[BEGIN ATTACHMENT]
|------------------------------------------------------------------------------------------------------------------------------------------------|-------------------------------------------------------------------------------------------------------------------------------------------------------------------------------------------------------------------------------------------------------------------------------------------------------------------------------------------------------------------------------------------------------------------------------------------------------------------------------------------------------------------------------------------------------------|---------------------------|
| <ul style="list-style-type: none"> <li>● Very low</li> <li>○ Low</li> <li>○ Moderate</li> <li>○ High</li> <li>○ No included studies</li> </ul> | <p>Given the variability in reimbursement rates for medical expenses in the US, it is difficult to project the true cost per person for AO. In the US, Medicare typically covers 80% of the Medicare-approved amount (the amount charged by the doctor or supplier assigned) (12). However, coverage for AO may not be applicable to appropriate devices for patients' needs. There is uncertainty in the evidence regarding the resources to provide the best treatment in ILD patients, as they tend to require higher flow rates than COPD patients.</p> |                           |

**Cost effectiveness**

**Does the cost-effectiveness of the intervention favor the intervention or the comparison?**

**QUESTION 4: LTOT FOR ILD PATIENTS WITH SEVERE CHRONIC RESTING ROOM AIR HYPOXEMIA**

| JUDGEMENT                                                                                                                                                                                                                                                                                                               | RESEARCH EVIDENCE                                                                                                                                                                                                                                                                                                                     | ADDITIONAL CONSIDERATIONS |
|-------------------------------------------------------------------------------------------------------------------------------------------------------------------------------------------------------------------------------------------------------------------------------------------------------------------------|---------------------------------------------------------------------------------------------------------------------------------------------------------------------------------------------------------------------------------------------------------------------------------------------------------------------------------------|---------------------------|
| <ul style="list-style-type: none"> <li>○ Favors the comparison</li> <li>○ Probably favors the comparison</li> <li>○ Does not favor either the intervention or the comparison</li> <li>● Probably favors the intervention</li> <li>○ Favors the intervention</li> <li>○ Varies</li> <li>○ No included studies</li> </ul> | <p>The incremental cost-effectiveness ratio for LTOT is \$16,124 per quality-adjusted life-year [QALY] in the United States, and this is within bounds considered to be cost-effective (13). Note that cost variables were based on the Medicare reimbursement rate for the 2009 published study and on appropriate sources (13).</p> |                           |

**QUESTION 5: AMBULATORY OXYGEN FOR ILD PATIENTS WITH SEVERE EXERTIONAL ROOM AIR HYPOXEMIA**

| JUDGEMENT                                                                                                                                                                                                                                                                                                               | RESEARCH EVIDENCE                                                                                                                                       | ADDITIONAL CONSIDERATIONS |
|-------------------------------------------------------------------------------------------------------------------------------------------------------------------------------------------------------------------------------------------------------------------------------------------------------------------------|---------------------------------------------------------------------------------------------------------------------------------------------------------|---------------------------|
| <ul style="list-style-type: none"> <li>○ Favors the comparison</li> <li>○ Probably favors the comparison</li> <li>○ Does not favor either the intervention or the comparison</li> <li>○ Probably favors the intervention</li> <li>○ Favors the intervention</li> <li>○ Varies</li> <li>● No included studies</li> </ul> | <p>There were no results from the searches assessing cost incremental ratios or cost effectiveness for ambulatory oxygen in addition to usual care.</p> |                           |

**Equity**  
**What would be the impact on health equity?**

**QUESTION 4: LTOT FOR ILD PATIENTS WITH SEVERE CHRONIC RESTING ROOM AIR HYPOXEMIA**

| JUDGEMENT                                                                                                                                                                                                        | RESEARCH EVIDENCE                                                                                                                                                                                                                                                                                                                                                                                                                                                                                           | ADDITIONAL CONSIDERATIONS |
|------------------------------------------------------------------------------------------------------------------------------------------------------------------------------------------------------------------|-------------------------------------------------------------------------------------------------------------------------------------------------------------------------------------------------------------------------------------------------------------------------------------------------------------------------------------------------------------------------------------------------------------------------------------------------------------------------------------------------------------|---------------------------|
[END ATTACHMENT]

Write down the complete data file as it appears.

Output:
|------------------------------------------------------------------------------------------------------------------------------------------------|-------------------------------------------------------------------------------------------------------------------------------------------------------------------------------------------------------------------------------------------------------------------------------------------------------------------------------------------------------------------------------------------------------------------------------------------------------------------------------------------------------------------------------------------------------------|---------------------------|
| <ul style="list-style-type: none"> <li>● Very low</li> <li>○ Low</li> <li>○ Moderate</li> <li>○ High</li> <li>○ No included studies</li> </ul> | <p>Given the variability in reimbursement rates for medical expenses in the US, it is difficult to project the true cost per person for AO. In the US, Medicare typically covers 80% of the Medicare-approved amount (the amount charged by the doctor or supplier assigned) (12). However, coverage for AO may not be applicable to appropriate devices for patients' needs. There is uncertainty in the evidence regarding the resources to provide the best treatment in ILD patients, as they tend to require higher flow rates than COPD patients.</p> |                           |

**Cost effectiveness**

**Does the cost-effectiveness of the intervention favor the intervention or the comparison?**

**QUESTION 4: LTOT FOR ILD PATIENTS WITH SEVERE CHRONIC RESTING ROOM AIR HYPOXEMIA**

| JUDGEMENT                                                                                                                                                                                                                                                                                                               | RESEARCH EVIDENCE                                                                                                                                                                                                                                                                                                                     | ADDITIONAL CONSIDERATIONS |
|-------------------------------------------------------------------------------------------------------------------------------------------------------------------------------------------------------------------------------------------------------------------------------------------------------------------------|---------------------------------------------------------------------------------------------------------------------------------------------------------------------------------------------------------------------------------------------------------------------------------------------------------------------------------------|---------------------------|
| <ul style="list-style-type: none"> <li>○ Favors the comparison</li> <li>○ Probably favors the comparison</li> <li>○ Does not favor either the intervention or the comparison</li> <li>● Probably favors the intervention</li> <li>○ Favors the intervention</li> <li>○ Varies</li> <li>○ No included studies</li> </ul> | <p>The incremental cost-effectiveness ratio for LTOT is \$16,124 per quality-adjusted life-year [QALY] in the United States, and this is within bounds considered to be cost-effective (13). Note that cost variables were based on the Medicare reimbursement rate for the 2009 published study and on appropriate sources (13).</p> |                           |

**QUESTION 5: AMBULATORY OXYGEN FOR ILD PATIENTS WITH SEVERE EXERTIONAL ROOM AIR HYPOXEMIA**

| JUDGEMENT                                                                                                                                                                                                                                                                                                               | RESEARCH EVIDENCE                                                                                                                                       | ADDITIONAL CONSIDERATIONS |
|-------------------------------------------------------------------------------------------------------------------------------------------------------------------------------------------------------------------------------------------------------------------------------------------------------------------------|---------------------------------------------------------------------------------------------------------------------------------------------------------|---------------------------|
| <ul style="list-style-type: none"> <li>○ Favors the comparison</li> <li>○ Probably favors the comparison</li> <li>○ Does not favor either the intervention or the comparison</li> <li>○ Probably favors the intervention</li> <li>○ Favors the intervention</li> <li>○ Varies</li> <li>● No included studies</li> </ul> | <p>There were no results from the searches assessing cost incremental ratios or cost effectiveness for ambulatory oxygen in addition to usual care.</p> |                           |

**Equity**  
**What would be the impact on health equity?**

**QUESTION 4: LTOT FOR ILD PATIENTS WITH SEVERE CHRONIC RESTING ROOM AIR HYPOXEMIA**

| JUDGEMENT                                                                                                                                                                                                        | RESEARCH EVIDENCE                                                                                                                                                                                                                                                                                                                                                                                                                                                                                           | ADDITIONAL CONSIDERATIONS |
|------------------------------------------------------------------------------------------------------------------------------------------------------------------------------------------------------------------|-------------------------------------------------------------------------------------------------------------------------------------------------------------------------------------------------------------------------------------------------------------------------------------------------------------------------------------------------------------------------------------------------------------------------------------------------------------------------------------------------------------|---------------------------|